This bay appears to be protected from the strong southward winds over the continental shelf that generally carry relatively warm and moist air from over the ocean. Instead, the air reaching the ship was quite cold and drier, suggesting it came from Charcot Island and the ice shelf. The mean wind speed was 6.1 m/s, and the mean air-sea temperature difference was Ta - SST = -2.2°C. This negative air-sea temperature difference, lower mean relative humidity (81%), and modest winds combine to produce sensible and latent heat losses of on average 19-24 W/m2. The sky was clear as the NBP entered the bay, resulting in a relatively large mean longwave heat loss of 111 W/m2. With essentially zero shortwave heating, the mean net heat flux was Qnet = -153 W/m2 during the period the NBP was in the bay.
A simple interpretation follows. Charcot Island and the Wilkins ice sheet seem to shelter Charcot Bay from the southward flow of warm, moist air that generally occurs over the continental shelf. The air over the bay is colder and drier (presumably from over land), leading to surface cooling by the sensible and latent components in addition to the longwave cooling. These three terms contribute to make the surface heat loss a regional maximum, causing more ice formation here. Whether this leads to a feedback process whereby more ice means colder air leading to increased sensible and latent cooling, thus more ice is not clear.
After leaving Charcot Bay, the NBP has moved around to the North of
Charcot Island and then eastward to Rothschild Island and Lazarev Bay.
During this run, as the ship has gotten into continuous ice, the air temperature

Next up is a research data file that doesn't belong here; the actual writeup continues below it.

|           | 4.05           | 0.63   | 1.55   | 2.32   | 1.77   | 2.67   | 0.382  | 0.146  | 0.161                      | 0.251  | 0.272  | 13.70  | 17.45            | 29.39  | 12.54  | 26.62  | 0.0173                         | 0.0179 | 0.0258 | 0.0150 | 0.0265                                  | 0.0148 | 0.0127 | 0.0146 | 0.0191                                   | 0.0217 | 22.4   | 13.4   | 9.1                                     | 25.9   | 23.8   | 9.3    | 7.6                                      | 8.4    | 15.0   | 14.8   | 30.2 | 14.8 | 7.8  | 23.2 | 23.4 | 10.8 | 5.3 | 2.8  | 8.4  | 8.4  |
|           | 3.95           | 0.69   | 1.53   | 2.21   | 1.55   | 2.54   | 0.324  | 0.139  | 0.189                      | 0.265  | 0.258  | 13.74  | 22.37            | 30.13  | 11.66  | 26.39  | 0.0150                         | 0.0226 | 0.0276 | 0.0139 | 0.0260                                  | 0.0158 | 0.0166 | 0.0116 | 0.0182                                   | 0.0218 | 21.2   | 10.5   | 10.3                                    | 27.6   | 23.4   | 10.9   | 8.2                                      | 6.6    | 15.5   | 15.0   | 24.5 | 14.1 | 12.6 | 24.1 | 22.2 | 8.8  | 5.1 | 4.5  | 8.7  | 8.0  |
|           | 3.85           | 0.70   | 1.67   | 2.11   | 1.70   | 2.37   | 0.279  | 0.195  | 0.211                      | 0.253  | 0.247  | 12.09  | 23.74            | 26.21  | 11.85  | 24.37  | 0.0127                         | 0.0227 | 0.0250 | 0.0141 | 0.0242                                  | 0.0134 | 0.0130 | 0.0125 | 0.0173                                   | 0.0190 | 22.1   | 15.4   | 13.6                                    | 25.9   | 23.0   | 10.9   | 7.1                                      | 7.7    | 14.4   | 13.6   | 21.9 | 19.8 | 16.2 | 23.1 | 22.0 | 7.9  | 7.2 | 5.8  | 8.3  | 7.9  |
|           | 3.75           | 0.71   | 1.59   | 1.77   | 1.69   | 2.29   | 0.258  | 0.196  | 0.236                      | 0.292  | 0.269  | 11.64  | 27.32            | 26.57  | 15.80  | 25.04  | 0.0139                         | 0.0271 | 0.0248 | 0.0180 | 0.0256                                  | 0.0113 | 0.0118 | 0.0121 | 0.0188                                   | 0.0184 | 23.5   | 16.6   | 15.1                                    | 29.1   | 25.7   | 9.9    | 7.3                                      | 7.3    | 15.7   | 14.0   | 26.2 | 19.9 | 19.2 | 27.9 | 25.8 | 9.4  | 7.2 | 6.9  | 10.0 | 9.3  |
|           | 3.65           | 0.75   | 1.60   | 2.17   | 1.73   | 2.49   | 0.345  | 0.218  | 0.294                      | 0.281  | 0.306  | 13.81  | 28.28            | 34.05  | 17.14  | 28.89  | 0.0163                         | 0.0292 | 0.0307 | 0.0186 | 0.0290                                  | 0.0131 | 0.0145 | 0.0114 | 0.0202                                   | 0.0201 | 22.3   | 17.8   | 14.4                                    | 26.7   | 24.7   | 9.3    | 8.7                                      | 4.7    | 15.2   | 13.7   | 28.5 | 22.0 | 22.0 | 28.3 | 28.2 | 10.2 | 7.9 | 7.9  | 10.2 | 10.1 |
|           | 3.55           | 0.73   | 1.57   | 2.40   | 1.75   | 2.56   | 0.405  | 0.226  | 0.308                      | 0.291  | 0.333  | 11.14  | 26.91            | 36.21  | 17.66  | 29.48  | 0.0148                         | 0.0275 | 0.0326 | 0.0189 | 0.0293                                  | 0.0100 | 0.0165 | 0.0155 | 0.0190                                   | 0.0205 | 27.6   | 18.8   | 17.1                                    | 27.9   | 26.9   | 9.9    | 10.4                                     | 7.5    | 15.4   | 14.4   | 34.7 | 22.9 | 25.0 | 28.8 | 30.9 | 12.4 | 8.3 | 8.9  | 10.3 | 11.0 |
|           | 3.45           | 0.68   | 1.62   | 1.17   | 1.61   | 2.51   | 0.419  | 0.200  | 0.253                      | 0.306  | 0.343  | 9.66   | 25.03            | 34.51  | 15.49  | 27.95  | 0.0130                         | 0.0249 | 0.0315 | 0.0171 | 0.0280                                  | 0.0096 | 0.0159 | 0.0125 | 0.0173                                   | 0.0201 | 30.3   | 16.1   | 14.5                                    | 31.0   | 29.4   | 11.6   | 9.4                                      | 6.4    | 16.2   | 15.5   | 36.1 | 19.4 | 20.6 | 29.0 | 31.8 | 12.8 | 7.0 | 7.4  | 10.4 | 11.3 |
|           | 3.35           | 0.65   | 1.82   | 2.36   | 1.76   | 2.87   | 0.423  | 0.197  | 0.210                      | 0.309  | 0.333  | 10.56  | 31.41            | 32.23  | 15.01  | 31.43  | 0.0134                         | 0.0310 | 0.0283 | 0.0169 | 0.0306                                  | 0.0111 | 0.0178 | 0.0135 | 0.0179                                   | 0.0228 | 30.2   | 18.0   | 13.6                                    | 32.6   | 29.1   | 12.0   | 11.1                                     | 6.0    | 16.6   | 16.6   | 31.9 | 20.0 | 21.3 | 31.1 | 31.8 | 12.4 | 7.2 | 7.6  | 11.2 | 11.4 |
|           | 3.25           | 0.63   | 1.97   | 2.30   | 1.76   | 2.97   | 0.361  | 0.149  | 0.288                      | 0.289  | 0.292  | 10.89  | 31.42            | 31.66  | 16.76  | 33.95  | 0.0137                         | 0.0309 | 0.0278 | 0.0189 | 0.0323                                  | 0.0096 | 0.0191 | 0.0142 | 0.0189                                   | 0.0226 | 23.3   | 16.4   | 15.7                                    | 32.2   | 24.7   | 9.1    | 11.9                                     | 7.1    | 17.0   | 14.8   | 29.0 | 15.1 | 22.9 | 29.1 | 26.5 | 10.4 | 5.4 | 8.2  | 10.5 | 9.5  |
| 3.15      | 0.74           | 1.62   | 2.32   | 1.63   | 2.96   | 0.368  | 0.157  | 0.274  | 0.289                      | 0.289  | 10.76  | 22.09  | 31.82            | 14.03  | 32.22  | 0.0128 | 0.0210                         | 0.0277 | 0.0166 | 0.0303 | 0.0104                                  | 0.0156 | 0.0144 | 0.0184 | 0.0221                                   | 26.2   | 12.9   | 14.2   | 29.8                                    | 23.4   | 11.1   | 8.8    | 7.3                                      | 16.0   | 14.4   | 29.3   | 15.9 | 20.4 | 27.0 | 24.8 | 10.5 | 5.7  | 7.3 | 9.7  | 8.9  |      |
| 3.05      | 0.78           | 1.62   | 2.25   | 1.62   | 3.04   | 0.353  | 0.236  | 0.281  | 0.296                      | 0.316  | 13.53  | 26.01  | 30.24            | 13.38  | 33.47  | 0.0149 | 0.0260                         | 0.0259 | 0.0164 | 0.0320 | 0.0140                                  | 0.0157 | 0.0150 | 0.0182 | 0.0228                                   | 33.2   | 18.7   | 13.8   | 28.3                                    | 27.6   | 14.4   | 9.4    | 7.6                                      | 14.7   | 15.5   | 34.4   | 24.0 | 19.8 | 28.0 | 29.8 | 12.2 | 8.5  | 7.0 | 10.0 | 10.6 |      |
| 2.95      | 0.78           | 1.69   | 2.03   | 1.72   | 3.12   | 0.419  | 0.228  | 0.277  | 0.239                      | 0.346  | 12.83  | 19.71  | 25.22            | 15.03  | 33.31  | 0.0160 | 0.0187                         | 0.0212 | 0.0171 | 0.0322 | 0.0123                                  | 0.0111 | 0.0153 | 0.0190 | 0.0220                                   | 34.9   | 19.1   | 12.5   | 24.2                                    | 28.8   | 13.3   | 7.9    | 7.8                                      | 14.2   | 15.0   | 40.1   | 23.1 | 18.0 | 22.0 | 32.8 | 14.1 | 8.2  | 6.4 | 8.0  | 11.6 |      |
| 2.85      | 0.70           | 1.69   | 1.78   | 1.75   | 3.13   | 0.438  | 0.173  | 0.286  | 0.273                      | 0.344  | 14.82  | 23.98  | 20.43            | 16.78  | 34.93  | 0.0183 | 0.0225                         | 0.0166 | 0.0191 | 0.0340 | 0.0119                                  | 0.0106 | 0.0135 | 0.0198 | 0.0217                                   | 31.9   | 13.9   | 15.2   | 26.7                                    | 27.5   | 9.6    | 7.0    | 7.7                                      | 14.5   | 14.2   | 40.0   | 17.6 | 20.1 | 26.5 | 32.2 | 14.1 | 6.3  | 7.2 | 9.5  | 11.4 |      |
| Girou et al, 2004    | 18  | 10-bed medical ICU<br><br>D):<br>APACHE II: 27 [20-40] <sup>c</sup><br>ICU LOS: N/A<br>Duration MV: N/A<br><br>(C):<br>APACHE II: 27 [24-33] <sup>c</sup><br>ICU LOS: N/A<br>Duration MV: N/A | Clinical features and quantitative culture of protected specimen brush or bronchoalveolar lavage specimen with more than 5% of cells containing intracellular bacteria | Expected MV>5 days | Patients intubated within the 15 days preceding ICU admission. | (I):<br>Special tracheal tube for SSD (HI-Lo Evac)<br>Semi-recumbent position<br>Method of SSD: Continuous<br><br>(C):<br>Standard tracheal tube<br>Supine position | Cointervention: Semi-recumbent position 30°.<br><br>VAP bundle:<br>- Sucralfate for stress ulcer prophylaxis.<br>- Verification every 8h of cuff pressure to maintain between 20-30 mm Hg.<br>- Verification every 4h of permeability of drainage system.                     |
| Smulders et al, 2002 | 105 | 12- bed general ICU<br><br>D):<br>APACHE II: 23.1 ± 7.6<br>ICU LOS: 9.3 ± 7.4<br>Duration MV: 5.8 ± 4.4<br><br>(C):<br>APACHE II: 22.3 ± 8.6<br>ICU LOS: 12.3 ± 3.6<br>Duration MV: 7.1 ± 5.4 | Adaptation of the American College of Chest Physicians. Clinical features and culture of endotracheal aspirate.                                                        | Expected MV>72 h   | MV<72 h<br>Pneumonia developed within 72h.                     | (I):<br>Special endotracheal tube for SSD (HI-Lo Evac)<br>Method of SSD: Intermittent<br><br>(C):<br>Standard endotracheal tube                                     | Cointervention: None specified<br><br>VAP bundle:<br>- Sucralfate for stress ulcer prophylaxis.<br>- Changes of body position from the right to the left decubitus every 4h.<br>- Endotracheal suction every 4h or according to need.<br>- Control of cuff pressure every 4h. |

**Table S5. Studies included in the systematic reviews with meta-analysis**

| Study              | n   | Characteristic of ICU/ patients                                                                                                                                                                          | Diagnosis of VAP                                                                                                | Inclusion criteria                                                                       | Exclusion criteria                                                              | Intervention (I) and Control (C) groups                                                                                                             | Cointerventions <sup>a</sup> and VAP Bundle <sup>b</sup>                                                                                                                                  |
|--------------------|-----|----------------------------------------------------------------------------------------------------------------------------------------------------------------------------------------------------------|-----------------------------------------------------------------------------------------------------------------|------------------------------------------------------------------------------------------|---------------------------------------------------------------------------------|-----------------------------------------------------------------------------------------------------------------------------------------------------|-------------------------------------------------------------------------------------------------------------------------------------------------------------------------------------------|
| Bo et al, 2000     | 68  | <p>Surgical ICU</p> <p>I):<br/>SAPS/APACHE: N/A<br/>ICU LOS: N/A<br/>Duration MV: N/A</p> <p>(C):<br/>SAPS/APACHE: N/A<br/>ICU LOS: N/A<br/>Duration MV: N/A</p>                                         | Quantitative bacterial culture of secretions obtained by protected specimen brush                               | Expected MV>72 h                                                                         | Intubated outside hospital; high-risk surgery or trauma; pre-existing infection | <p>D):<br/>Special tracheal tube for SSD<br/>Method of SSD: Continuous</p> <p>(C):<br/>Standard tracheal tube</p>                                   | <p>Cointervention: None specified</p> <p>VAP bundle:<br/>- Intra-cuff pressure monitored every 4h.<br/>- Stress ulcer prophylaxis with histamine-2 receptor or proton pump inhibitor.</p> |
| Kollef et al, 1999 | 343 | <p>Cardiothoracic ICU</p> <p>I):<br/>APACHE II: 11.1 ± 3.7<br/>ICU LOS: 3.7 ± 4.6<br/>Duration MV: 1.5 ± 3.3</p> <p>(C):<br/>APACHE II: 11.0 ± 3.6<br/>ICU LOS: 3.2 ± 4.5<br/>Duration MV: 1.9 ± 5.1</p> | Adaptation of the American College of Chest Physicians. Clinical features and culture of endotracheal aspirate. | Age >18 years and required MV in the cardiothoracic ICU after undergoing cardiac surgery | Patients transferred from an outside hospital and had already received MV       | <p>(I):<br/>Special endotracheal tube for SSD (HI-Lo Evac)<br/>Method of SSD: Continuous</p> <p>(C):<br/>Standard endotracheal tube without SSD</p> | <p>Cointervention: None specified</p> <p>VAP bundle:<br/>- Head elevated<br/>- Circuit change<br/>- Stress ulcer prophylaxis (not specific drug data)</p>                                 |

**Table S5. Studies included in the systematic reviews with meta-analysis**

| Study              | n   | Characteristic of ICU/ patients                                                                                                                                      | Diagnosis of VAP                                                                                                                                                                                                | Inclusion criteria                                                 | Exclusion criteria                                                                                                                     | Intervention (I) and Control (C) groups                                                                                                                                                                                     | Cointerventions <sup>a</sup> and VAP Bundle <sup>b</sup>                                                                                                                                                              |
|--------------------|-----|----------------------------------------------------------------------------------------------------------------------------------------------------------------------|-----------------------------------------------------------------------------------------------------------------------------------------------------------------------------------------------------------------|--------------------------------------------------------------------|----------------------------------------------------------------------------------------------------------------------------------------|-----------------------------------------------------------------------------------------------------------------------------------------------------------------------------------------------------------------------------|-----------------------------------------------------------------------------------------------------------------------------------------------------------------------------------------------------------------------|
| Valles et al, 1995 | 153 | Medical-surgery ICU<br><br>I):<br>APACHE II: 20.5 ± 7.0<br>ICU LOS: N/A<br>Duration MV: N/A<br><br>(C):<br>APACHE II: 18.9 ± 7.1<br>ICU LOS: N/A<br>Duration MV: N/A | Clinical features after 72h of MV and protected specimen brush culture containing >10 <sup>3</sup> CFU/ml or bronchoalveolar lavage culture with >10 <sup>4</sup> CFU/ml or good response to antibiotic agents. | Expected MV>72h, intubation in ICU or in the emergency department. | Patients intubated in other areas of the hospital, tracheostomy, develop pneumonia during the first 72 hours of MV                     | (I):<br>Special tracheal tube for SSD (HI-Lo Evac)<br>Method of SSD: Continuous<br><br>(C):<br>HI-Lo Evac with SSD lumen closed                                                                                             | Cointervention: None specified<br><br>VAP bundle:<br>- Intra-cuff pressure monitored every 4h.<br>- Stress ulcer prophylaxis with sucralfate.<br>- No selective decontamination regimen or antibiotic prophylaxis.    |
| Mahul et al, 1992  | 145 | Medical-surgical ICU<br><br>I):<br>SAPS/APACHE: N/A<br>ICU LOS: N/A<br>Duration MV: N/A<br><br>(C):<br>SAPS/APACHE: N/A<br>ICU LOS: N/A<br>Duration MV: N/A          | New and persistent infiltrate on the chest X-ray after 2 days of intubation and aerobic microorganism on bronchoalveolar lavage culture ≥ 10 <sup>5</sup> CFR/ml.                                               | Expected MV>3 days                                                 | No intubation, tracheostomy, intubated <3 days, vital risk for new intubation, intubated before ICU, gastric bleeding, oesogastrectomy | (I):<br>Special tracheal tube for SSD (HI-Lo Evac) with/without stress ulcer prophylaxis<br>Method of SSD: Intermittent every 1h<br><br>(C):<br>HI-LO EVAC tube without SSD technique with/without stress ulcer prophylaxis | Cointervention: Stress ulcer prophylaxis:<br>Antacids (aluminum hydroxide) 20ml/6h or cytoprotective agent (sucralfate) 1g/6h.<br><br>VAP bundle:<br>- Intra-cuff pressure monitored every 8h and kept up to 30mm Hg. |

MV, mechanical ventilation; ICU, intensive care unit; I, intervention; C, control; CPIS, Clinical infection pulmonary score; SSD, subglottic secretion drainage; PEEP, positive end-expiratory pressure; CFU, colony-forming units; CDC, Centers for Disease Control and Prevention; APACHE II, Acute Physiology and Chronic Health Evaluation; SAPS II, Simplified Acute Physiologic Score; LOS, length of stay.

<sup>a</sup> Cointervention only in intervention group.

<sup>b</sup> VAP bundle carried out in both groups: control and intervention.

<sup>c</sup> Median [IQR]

has continued to drop with larger sensible and latent cooling. The pattern
of larger net heat loss within these more protected bays where ice is being
formed seems robust, but needs to be tested with the surface data being
collected today (23 May).
Chris Ribic and Erik Chapman reported that on 22 May, they began the day in search of a good location to deploy a zodiac to make a second attempt at capturing petrels for diet sampling while we were looking for ice suitable for ROV operations. As noted above, we traveled into the large pancake and brash ice in a large bay between Charcot and Rothschild Islands. However, they saw few petrels at the edge of and within the ice in this area, and they decided to forego any attempt to capture birds. Outside of an Antarctic Petrel and an Adélie Penguin, they saw only Snow Petrels today.
Ari Freidlander reported on 22 May that at first light the ship was
entering the bay on the north and east side of Charcot Island. Conditions
were good, with moderate swell running through pancake and new ice. As
we headed east towards the Wilkins Ice Shelf and the scores of bergs to
the east, the ice became more dense. Eventually made a turn to the north.
Zodiacs were not deployed due to a lack of whale activity. Around 1300,
two minke whales were sighted. At days end, two Adélie penguins,
twenty-two crabeater, and four leopard seals had also been sighted.
Catherine Berchock has summarized her sonabuoy deployments for the